Thursday, March 25, 2010
A Reader on Reading by Alberto Manguel
This is a collection of short essays by Alberto Manguel. Alberto Manguel wrote The Dictionary of Imaginary Places and was an editor for many years. He muses on his own identity as a reader by talking about many personal issues on reading. He has an essay of the Legend of the Wandering Jew as a reader as well as comments on Jorge Luis Borges defense of Jewish culture. The author is Argentinian and pulls from the South American literary tradition.
He opens many of the essays with a quote from Alice in Wonderland or Through the Looking Glass and a picture from one of these books. This adds an inquisitive quality to the essays. I like many of his quotes and thoughts from Borges because Borges was a librarian and a fantasist in the tradition of magical realism. The essays remind me of thoughts that might have come out of The Phantom Tollbooth or Un Lun Dun.
Most of the essays are about the the experience of reading and being a reader. I especially liked the essay on Don Quixote, entitled Time and The Doleful Knight on Pp. 182-186. I can relate to Cervantes even though I have not read him..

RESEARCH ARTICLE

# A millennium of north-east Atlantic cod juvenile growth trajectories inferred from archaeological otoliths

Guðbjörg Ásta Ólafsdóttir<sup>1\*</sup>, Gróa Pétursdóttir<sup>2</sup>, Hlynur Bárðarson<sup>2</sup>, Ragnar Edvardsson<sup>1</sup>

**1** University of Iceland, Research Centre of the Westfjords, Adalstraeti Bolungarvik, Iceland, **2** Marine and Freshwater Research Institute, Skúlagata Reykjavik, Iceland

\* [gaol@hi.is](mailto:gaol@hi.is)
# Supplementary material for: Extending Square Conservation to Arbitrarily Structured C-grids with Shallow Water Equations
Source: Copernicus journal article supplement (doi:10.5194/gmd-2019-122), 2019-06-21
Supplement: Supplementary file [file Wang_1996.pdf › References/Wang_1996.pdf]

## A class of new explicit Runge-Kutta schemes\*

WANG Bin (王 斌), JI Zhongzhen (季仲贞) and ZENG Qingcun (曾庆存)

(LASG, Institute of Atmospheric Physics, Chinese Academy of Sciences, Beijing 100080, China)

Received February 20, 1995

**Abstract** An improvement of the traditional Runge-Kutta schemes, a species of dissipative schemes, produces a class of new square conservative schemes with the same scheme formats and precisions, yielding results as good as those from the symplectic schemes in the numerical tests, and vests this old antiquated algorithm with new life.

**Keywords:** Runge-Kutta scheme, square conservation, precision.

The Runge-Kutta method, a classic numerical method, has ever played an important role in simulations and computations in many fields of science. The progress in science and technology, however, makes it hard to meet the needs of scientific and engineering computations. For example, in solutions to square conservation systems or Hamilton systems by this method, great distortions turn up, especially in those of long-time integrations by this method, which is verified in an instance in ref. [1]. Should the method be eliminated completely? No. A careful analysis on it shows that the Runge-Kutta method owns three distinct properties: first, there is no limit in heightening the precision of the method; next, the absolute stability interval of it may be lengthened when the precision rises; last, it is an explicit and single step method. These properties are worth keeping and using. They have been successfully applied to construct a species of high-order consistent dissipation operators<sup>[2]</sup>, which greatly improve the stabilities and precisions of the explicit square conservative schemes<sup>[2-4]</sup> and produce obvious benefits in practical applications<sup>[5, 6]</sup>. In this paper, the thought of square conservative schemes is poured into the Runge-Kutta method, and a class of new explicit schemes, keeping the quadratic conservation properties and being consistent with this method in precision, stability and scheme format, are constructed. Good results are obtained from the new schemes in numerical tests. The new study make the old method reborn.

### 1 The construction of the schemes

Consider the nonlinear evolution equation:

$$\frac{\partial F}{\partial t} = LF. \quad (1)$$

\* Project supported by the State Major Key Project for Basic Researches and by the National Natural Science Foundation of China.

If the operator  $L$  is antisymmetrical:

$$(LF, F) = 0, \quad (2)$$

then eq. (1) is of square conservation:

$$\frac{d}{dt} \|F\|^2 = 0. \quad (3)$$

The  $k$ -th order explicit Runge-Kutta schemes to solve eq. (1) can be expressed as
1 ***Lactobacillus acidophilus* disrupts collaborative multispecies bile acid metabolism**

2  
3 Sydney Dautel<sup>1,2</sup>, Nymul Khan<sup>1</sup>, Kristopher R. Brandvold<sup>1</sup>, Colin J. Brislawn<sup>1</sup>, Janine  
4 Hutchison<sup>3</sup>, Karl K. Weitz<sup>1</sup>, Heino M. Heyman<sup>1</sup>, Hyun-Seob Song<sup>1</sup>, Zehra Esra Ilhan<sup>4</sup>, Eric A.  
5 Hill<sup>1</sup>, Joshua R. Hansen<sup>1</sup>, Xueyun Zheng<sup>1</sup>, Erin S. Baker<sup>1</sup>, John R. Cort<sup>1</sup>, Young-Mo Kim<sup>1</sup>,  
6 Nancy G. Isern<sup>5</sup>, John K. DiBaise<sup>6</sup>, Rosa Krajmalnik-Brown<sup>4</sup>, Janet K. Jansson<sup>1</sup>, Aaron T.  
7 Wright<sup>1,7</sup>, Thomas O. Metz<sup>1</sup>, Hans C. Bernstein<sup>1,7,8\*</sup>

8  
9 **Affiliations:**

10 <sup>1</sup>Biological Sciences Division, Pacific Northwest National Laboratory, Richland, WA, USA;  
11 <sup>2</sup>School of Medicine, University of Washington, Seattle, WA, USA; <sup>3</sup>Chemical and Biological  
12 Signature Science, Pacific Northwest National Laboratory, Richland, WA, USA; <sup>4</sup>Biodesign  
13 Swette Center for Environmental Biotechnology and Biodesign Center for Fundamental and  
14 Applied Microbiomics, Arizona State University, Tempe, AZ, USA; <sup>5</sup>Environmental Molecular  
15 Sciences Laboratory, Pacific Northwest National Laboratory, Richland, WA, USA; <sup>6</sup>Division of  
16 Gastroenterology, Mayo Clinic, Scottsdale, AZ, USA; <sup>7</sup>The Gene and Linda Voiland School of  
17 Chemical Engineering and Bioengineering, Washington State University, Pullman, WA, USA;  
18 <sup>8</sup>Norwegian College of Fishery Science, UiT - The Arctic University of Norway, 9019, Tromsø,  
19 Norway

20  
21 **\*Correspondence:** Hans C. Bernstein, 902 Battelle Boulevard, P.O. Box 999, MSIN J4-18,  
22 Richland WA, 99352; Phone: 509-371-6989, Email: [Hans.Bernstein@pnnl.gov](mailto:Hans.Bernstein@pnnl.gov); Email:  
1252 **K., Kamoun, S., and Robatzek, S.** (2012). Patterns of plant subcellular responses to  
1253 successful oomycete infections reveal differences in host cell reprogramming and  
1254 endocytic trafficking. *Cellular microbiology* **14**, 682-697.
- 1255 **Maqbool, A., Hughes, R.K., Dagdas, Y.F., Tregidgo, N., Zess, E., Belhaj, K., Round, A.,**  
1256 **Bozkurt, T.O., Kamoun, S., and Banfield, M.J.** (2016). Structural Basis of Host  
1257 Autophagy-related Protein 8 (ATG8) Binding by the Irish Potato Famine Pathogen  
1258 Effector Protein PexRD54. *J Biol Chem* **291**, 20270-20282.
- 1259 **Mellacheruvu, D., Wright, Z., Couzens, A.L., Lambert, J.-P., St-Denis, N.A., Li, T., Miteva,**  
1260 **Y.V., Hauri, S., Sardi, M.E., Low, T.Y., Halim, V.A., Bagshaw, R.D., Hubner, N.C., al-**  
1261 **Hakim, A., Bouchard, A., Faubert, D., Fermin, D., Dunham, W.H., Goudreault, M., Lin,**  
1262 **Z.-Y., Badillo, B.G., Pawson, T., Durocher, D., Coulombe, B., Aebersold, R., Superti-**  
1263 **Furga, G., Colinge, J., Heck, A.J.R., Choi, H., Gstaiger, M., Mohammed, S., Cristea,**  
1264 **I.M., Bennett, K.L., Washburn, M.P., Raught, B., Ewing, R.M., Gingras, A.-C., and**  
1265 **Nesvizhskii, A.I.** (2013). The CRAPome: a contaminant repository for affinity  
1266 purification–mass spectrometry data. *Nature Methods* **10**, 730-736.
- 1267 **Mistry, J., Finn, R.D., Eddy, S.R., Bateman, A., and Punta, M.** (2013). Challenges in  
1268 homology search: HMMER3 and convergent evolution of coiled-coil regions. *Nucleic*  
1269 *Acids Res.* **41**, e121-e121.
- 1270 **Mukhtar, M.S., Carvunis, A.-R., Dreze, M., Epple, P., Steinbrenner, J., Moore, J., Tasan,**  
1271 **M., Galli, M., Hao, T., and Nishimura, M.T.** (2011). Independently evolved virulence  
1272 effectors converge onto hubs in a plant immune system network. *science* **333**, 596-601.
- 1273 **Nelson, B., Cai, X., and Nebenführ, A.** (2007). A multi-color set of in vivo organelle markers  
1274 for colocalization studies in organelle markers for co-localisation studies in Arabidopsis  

Alberto Manguel attempts to list the qualities of the ideal reader and the ideal writer in two separate essays. They are quite delightful, even though I would not agree with many of them. Alberto Manguel has a deep relationship with books. He has a personal library of some 30,000 books. He wrote about this in an earlier book, The Library At Night.
There is also some discussion of technology in this book. The essay, Saint Augustine's Computer on Pp. 187-198 describes the differences between the printed word and the word on the screen. They are quite significant. He claims the printed word is less ephemeral and easier to subject to deep analysis than what appears on a computer screen.
Some of the issues in the book are quite political. Alberto Manguel grew up under Peron's government. He describes many of the problems with literature, writing, and reading that occur under repressive regimes. He also discusses Che Guevara and his impact on literature. This makes for some interesting, if a bit pointed commentary.
There is a lot to recommend in this book. It has a well done index, a very extensive bibliography, and a nice feel to the book. The book is set in Fourier Type and is quite easy to read. It is printed by Yale University Press. It is an excellent book that is well worth reading.